Writer/director/producer James Cameron must take all the blame for this.

Avatar

An Illusion Review by Joan Ellis


 

            Wow – what an ordeal. Let’s start at the beginning – good news first. For roughly a third of the endless length of “Avatar,” we are bewitched by the world brought to us through 3-D glasses. Leaves sail nearly into our hands, arrows fly toward us, characters float in the space over the audience. The screen is alive with brilliant jungle colors and delicate combinations of birds, bats, and dinosaurs. All this earns the movie an Oscar nomination for special effects and audience pleasure; but before this turns into a blockbuster bandwagon, consider the downside.

            We are in the faraway land of Pandora. Our own planet has achieved the technological capacity to conquer foreign worlds. We can now take what we want when we want it. And so we send to Pandora a force of combat trained marines to secure access to an essential energy ore with the appropriate name of unobtainium. The stage is set for a clash of cultures.

            We have heroes: Jake (Sam Worthington) and Grace (Sigourney Weaver); and we have villains: marine Col. Miles Quaritch (Stephen Lang). The colonel quickly becomes the ugly avatar of colonialism. As Jake immerses himself in the culture, the colonel tries to extinguish it.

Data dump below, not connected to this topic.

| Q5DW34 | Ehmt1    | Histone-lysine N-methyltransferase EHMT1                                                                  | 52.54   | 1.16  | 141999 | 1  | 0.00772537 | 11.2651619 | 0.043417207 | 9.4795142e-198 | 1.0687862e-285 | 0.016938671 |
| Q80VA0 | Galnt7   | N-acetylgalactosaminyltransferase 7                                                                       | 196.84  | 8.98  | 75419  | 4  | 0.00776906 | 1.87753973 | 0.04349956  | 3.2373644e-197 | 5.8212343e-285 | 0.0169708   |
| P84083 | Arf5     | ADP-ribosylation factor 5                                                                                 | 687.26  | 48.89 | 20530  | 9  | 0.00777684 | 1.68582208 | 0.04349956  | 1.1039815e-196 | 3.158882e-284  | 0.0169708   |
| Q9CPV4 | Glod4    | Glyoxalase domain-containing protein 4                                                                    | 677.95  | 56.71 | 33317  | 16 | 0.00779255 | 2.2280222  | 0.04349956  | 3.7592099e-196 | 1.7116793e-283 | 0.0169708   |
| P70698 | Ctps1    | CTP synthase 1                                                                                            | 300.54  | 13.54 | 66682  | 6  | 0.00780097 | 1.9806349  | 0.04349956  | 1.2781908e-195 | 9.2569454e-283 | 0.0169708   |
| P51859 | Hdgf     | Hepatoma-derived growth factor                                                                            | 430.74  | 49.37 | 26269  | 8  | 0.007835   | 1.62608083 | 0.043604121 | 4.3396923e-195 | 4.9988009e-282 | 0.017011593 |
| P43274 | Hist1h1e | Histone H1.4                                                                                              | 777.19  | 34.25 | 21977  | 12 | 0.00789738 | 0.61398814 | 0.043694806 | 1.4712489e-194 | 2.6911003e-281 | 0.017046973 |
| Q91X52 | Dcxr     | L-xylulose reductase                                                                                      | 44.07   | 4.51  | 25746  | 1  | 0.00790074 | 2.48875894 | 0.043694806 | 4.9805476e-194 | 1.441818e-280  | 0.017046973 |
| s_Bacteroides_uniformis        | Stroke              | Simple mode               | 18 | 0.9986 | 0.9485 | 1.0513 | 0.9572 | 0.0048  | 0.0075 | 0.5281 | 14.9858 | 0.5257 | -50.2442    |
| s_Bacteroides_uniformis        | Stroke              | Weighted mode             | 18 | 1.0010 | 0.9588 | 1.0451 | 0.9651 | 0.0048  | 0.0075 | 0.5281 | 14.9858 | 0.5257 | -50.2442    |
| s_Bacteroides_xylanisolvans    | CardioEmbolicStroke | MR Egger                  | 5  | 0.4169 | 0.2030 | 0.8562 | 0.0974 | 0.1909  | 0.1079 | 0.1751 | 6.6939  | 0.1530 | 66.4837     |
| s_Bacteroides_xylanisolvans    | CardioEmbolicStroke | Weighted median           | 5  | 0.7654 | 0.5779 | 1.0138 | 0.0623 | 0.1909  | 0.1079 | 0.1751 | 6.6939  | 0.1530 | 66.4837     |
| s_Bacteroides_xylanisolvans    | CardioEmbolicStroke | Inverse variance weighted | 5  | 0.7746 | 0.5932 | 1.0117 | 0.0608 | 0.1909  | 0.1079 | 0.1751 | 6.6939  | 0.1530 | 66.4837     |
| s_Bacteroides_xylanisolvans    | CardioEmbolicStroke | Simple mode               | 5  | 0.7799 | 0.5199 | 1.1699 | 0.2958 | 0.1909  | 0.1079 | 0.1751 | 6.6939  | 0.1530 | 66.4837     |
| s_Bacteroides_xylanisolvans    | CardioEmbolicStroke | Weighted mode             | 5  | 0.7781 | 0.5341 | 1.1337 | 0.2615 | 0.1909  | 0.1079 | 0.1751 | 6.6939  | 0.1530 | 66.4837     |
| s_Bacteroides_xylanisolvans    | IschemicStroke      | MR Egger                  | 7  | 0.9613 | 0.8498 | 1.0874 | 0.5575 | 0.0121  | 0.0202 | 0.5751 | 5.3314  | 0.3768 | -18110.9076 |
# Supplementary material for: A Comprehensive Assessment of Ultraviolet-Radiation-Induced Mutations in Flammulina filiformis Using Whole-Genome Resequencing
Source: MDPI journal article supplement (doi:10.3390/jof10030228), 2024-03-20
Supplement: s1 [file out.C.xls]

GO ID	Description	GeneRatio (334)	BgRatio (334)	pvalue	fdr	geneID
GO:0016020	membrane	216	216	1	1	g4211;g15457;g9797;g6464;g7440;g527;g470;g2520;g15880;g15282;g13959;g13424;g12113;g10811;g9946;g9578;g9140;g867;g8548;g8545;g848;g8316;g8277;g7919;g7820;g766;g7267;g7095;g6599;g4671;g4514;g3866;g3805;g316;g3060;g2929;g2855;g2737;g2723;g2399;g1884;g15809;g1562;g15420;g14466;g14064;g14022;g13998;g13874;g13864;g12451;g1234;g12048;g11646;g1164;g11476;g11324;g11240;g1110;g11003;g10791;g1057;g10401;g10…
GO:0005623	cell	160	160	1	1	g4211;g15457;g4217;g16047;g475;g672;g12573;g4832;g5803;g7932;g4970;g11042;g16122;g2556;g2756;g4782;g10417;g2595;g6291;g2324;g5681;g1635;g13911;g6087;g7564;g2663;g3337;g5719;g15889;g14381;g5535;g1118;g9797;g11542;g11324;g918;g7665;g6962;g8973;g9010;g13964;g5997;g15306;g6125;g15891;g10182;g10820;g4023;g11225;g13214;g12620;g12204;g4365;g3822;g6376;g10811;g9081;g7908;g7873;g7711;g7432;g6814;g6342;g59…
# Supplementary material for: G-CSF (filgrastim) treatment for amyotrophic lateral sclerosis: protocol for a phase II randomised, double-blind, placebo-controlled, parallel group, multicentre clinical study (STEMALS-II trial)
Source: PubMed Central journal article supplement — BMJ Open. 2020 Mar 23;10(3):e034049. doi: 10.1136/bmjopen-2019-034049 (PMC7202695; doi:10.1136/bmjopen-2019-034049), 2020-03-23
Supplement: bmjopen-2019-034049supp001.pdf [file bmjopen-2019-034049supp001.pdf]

From this point forward, the movie is soaked in cliché and caricature, and the man who must take all the blame for this is writer/director/producer James Cameron.

            Mr. Cameron immediately gives Jake an indigenous lover, Neytiri (Zoe Saldana). He also writes lines like: "We'll fix you up, Come to Papa, You're mine, and Brother, do you read me?" Every one of these slangy lines punctures the mood of the fantasy. Sam Worthington's Jake speaks with all the enthusiasm of a teenager spitting out a gum ball. Once again we watch a culture thriving in peaceful beauty as it becomes a violent inferno, crushed by American weaponry. In response, Jake leads the population in an insurgency against the invading American aliens.

            The final love scene between Jake and Neytiri could only have sprung from the imagination of the same man who put Leonard diCaprio and Kate Winslet on the bowsprit of the Titanic. Tied together with tears rolling gently down their cheeks, they represent Cameron's addiction to the obvious. His flying dinobirds and delicately elongated avatars succeed wonderfully, but not one character is developed into a person we can care about. Unfortunately, neither the wonder of the forest nor the magic of 3D is enough to balance the emptiness of the people and the script. But, as Jake says with wooden precision, "It was worth a try."

            Among the potentially interesting bits is a communication system that exists among the roots of sacred trees. Inhabitants of this world have long tails that sport USB plugs at their tips. With a swish of the USB tail, they can plug into the sacred communication channels that connect them with their ancestors. My final, indelible thought was “Boy, am I glad I don't have one of those."

 


Copyright (c) Illusion

Return to Ellis Home Page